It is here that Panitch and Gindin add so much to our understanding of too-clever elite displacement of persistent crisis, in my view. Still, though, they would describe the mid-1980s-2000s as an era of growth in which crisis tendencies of prior decades – born of a ‘profit-squeeze’ (i.e. worker militancy) – were actually resolved. But given those steadily rising debt ratios from the early 1980s, which can only partly be explained by technological advances in financial engineering , I still don’t buy it. My sense is that, like David Harvey’s argument in Enigma of Capital and Limits to Capital, global capitalism relied upon the spatial fix (globalisation), temporal fix (financialisation, stretching out payment times), and ‘accumulation by dispossession’ (imperialism) as crisis management techniques: i.e. shifting, stalling and stealing instead of the restructuring required to restart accumulation properly.
Yet thanks to Panitch and Gindin, we know much more about how this was arranged. Writing in their Washington-centric world (so unlike Hardt and Negri’s Empire), there are two corollaries that I hope are further debated. First is their tenacious denial of ‘the collapse of investment due to general overaccumulation’, which is disputed in other recent books by John Bellamy Foster, David McNally and Alex Callinicos. We could unpack whether vast software investments during the late 1990s splurge were real or bogus from the standpoint of surplus value extraction. And then, regarding profit rates, we might strip out rentier profits earned by most of the west’s biggest ‘productive’ firms and conclude with a different interpretation of genuine corporate health, contrary to the tycoons’ botoxed, steroided appearance, disguising their muscle-bound paralysis.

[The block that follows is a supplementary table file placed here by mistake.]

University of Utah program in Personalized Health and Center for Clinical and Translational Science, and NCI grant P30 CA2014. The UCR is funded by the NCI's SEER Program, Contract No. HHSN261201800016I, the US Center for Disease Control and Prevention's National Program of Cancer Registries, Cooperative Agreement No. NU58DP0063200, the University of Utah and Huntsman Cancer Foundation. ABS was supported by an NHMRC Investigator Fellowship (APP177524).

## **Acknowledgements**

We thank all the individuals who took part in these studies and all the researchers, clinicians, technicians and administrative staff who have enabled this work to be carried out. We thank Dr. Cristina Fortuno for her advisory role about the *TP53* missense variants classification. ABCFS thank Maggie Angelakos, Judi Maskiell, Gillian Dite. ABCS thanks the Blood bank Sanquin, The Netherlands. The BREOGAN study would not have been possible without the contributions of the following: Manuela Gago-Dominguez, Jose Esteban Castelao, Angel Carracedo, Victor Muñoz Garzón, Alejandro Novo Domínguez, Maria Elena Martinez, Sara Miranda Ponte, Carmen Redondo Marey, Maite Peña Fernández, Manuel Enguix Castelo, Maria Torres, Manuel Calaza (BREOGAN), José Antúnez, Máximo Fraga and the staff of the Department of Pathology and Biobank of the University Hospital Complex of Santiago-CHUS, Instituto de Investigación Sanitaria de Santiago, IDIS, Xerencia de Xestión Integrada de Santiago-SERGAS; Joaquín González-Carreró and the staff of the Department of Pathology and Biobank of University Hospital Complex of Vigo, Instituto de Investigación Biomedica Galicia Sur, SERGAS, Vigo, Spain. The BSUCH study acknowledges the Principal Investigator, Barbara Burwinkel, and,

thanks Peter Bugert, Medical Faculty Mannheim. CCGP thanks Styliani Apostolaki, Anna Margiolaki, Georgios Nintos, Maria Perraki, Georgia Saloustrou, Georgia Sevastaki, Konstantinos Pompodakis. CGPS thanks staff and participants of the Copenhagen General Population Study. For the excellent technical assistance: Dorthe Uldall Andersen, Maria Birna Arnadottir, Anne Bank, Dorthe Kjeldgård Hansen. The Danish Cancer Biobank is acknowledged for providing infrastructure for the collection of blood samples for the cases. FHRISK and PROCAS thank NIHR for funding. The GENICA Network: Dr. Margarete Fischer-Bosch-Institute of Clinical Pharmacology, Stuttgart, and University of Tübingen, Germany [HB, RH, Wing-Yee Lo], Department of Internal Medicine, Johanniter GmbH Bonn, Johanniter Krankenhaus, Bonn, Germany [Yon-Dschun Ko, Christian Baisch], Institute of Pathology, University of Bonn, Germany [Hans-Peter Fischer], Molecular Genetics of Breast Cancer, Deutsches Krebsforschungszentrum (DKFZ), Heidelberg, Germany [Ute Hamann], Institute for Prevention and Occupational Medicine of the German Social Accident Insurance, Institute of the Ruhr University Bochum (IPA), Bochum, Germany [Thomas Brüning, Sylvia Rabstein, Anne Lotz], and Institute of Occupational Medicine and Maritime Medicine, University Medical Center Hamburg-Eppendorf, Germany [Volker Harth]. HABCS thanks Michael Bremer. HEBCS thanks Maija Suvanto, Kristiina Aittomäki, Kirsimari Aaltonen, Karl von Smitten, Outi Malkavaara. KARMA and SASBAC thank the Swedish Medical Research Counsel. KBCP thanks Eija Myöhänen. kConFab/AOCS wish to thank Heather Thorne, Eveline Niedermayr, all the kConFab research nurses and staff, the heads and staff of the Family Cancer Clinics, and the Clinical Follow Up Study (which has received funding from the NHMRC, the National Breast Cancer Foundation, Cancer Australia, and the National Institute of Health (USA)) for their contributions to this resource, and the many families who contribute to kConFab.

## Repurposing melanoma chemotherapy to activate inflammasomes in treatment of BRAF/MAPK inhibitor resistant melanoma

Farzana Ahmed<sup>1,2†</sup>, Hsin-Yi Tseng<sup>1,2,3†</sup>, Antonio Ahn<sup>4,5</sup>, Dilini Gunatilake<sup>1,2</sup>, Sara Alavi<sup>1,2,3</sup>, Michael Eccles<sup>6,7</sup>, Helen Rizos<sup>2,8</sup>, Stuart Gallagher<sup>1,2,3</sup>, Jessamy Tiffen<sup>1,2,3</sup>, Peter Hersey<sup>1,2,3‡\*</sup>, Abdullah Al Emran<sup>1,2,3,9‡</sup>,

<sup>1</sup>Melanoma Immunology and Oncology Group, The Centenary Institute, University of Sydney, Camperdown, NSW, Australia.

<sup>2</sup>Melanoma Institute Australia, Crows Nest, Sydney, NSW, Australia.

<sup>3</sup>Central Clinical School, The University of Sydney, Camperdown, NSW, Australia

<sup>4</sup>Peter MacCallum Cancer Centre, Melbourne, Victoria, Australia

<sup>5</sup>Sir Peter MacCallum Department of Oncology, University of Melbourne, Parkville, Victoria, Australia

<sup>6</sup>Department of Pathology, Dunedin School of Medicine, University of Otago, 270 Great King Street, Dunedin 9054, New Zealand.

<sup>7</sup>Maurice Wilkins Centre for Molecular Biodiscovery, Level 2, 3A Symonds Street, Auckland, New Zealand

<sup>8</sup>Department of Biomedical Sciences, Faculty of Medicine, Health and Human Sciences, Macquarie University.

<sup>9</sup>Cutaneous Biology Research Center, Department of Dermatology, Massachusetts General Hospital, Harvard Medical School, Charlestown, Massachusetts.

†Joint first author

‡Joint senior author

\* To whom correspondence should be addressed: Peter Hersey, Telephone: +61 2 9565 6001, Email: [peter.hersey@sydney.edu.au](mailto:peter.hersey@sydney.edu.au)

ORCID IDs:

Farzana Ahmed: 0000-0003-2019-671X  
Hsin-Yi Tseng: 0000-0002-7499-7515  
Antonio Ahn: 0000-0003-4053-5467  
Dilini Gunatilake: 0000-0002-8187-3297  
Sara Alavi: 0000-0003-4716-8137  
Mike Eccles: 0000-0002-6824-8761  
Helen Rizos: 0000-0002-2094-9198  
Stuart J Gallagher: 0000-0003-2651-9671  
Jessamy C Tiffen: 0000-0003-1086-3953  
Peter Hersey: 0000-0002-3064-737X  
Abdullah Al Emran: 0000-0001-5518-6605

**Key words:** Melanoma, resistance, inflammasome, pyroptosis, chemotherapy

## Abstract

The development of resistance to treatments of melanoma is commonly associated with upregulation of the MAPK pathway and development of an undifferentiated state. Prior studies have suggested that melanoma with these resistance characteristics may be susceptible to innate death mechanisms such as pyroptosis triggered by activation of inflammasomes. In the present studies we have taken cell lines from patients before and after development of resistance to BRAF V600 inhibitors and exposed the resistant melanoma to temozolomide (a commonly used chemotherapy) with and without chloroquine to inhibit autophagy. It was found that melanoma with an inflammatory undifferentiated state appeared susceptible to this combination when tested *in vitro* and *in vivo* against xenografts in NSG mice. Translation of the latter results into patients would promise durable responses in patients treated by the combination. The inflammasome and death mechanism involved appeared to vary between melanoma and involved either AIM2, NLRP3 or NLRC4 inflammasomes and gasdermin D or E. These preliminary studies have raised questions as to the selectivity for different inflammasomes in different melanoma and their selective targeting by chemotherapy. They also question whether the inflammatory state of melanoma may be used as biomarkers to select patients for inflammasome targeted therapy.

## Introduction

Second, we need to consider the lack of inter-imperialist rivalry in this story, at a time when world–1 per cent fragmentation foils globo-governance initiatives such as renewing the World Trade Organisation Doha round, legitimising the Bretton Woods Institutions, refashioning the currently anarchic world financial ‘architecture’, subduing Latin America’s pink tide, or making the UN security council work better for imperialism.